US Congress formally ends session without spending or energy bills

By OGJ editors
WASHINGTON, DC, Dec. 10 -- A sharply divided US Congress Tuesday finished legislative business for the year without passing either a sweeping energy bill or a massive $328 billion spending measure designed to fund the federal government through next September.

Senate Democrats blocked both, arguing that the bills were crafted using legislative "tricks" that excluded them.

The House and Senate returned briefly this week after a Thanksgiving recess but left without finalizing the spending bill. Last month, GOP Senate leaders declared the energy bill dead for the year. They could not get the two votes needed to cut off debate on the measure (OGJ Online, Nov. 21, 2003).

A new session is slated to start mid-January. Until Congress can reach consensus on spending, most nonmilitary government agencies will operate under fiscal year 2003 levels as stipulated in an emergency funding measure.

House Republican leaders said they are hopeful they can pass both bills, and the White House has urged Capitol Hill to complete action. Although Congress must pass annual appropriations bills that fund the federal government; it's unclear what shape a final spending measure could take, especially in an election year.

This is the second consecutive year that the federal budget has been left in legislative limbo; the new fiscal year will already be one-third over if Congress takes final action by Feb. 1, 2004.

Unlike appropriations bills, there is no congressional mandate to pass energy legislation, and the current conventional wisdom among industry lobbyists is that the bill has received too much negative publicity to pass in its current form.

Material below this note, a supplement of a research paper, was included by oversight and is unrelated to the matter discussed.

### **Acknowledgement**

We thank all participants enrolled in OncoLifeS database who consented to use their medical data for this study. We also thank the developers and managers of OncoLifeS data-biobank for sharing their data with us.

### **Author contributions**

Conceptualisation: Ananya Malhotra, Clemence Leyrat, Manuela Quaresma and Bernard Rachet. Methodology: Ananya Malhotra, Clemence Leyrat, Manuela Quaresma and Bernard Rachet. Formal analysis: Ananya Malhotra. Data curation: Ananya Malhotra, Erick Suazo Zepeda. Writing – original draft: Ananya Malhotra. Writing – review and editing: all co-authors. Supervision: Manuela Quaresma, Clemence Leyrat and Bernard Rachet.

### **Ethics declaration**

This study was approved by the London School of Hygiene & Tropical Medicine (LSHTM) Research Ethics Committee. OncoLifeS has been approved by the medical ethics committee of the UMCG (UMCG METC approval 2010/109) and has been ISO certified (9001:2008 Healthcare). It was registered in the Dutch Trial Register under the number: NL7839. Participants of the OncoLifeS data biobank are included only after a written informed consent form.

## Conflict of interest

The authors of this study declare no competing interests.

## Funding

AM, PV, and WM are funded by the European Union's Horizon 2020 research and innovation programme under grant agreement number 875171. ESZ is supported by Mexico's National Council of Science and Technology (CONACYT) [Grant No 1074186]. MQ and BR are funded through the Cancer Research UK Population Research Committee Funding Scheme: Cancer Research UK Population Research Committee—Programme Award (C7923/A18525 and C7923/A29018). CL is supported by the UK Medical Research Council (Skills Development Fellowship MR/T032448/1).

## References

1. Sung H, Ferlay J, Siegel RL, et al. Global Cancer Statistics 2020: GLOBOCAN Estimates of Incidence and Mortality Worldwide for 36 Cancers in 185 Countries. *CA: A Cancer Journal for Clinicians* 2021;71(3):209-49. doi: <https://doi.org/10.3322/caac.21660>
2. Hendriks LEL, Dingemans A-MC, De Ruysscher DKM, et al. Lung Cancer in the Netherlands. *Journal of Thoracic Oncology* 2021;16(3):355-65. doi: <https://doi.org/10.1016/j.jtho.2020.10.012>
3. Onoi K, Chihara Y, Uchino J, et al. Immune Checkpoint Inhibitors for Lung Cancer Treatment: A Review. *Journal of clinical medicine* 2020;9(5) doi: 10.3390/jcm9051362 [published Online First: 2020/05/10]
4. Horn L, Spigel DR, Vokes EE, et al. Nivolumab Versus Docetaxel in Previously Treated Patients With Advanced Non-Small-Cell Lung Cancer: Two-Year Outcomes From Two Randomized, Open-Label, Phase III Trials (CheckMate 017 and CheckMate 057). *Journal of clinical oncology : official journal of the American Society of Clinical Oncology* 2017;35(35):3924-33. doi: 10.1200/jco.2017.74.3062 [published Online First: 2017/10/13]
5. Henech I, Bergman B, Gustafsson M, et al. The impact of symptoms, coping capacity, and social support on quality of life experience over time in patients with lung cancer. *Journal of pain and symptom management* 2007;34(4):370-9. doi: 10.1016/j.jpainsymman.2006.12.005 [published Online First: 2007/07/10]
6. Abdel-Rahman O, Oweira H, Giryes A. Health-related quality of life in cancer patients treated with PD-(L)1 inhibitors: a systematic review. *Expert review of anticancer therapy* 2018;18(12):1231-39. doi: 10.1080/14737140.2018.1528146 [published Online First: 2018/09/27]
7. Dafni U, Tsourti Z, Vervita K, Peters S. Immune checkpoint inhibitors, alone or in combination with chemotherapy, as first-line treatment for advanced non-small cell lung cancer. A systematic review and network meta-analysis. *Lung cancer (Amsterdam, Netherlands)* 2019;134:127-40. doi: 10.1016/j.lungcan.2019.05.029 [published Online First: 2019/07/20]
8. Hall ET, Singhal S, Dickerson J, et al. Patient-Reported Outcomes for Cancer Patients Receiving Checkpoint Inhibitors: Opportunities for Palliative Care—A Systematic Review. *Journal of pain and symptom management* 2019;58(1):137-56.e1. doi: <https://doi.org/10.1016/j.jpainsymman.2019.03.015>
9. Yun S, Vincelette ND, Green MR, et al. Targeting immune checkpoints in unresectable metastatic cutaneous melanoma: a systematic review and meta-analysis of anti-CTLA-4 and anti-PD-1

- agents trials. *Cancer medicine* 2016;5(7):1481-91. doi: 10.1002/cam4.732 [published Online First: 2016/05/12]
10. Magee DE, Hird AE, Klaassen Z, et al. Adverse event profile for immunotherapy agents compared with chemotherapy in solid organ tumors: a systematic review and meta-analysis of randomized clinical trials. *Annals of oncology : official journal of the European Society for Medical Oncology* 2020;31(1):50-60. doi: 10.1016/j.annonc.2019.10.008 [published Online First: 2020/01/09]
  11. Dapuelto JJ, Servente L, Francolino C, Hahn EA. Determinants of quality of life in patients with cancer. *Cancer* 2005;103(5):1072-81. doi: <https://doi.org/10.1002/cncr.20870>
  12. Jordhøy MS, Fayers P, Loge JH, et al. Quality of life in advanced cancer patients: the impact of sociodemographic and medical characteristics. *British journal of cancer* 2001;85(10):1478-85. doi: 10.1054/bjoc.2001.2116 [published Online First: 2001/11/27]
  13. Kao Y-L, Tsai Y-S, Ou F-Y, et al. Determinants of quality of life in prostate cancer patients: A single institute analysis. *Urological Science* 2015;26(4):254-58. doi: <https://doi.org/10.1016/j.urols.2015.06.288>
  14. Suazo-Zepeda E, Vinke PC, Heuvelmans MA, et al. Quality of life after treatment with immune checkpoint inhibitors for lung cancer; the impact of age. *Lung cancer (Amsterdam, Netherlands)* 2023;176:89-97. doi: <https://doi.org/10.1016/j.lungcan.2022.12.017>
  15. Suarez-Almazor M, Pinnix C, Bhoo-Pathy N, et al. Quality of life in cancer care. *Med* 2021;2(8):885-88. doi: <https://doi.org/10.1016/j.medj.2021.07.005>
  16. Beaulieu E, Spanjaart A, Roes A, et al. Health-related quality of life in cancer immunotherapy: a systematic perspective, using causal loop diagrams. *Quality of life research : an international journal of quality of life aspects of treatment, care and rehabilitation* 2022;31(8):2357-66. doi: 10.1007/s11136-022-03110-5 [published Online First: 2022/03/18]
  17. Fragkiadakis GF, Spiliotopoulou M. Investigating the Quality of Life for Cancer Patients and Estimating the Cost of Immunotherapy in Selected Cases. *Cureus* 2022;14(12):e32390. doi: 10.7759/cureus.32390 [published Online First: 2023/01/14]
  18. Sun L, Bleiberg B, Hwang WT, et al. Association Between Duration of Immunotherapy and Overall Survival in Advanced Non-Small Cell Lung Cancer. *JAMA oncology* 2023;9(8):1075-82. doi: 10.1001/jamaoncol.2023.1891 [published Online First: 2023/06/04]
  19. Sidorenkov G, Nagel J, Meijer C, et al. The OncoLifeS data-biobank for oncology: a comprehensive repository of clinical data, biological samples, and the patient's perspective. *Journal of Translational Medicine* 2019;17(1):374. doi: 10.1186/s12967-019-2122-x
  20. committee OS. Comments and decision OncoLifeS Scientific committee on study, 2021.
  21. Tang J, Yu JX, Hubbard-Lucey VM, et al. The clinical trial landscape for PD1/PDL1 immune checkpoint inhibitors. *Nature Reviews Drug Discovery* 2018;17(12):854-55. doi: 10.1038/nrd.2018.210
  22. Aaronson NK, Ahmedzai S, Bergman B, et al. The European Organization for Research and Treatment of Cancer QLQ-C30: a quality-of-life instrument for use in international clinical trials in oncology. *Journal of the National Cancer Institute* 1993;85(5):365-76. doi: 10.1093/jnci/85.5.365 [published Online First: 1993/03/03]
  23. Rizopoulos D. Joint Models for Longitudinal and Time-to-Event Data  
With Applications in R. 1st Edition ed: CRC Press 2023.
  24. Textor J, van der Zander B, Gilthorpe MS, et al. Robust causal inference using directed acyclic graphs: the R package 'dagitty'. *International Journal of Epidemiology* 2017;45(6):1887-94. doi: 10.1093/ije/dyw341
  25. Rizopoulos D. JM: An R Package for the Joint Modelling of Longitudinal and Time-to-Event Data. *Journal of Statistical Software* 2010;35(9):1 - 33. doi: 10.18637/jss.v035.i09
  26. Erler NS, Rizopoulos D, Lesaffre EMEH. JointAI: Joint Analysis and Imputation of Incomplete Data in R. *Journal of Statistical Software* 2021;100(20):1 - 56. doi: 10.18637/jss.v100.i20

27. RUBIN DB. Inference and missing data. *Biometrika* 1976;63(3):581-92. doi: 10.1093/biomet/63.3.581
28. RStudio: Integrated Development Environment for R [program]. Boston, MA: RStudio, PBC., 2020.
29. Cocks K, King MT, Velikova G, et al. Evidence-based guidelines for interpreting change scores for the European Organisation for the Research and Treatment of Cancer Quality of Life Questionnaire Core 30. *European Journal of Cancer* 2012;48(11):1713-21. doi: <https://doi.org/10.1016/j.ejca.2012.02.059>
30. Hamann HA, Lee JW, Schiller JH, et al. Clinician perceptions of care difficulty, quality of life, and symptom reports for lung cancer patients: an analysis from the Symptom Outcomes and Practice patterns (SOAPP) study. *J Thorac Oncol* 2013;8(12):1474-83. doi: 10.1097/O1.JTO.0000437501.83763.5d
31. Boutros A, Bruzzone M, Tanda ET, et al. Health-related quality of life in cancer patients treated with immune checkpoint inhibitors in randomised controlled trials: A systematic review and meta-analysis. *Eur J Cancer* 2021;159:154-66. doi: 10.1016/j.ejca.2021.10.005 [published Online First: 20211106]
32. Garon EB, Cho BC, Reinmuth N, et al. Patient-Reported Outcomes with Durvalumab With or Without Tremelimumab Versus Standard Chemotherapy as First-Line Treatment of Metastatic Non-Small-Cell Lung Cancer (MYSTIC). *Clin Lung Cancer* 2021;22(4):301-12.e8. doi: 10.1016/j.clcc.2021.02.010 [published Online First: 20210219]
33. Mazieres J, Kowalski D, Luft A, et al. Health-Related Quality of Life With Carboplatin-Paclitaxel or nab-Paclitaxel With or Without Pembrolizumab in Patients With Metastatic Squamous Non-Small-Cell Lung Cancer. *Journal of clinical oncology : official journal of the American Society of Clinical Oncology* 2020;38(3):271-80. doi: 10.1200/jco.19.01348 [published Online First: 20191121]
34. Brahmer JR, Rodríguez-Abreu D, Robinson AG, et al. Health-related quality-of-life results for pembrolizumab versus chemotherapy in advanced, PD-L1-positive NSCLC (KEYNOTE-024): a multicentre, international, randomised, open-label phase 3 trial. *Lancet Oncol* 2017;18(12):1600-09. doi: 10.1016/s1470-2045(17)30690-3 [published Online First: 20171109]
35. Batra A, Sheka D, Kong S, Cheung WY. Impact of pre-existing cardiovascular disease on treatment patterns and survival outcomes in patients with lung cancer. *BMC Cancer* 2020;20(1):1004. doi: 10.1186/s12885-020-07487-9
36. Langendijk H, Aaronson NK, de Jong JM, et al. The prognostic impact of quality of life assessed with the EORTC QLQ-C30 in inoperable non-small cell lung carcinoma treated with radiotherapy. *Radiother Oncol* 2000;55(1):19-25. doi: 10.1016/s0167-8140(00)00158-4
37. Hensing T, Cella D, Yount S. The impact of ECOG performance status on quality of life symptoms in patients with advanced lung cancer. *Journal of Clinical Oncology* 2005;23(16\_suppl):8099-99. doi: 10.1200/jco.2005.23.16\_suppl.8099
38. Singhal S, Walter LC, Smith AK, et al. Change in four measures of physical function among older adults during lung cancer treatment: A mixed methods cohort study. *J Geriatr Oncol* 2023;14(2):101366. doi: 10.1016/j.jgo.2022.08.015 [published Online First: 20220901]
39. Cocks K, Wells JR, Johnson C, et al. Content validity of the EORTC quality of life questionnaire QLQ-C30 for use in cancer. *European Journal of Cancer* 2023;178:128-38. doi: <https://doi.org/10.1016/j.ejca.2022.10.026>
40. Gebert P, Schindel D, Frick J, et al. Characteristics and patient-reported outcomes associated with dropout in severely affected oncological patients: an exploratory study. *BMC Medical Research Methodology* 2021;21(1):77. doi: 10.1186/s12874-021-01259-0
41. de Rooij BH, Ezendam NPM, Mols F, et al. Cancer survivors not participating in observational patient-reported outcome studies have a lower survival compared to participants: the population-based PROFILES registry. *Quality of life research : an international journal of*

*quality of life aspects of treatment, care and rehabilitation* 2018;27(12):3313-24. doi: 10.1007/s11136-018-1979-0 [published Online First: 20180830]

Public interest in energy issues is low without a fuel price spike, lobbyists said. And that means an expensive energy bill is generating little lawmaker interest.

Republican leaders from oil and gas producing states disagreed with that lobbyist consensus, calling the energy bill a "high priority." The White House also has said it wants an energy bill, but it has not leaned hard on its Republican allies in Congress to move legislation forward, lobbyists said. House Republicans, for example, last week said their position on clean fuel programs, most notably liability protection for the fuel additive methyl tertiary butyl ether, has not changed.

Both the energy bill and the omnibus spending legislation will be at least debated in late January when the Republican-controlled House and Senate return for the new congressional session.

The omnibus spending measure approved by the US House included funding for various government agencies, including the US Environmental protection Agency, the National Oceanic & Atmospheric Administration and the Agriculture, Commerce and Transportation departments.

A bill that funded most of the oil and gas-related programs at the departments of Interior and Energy already has become law.

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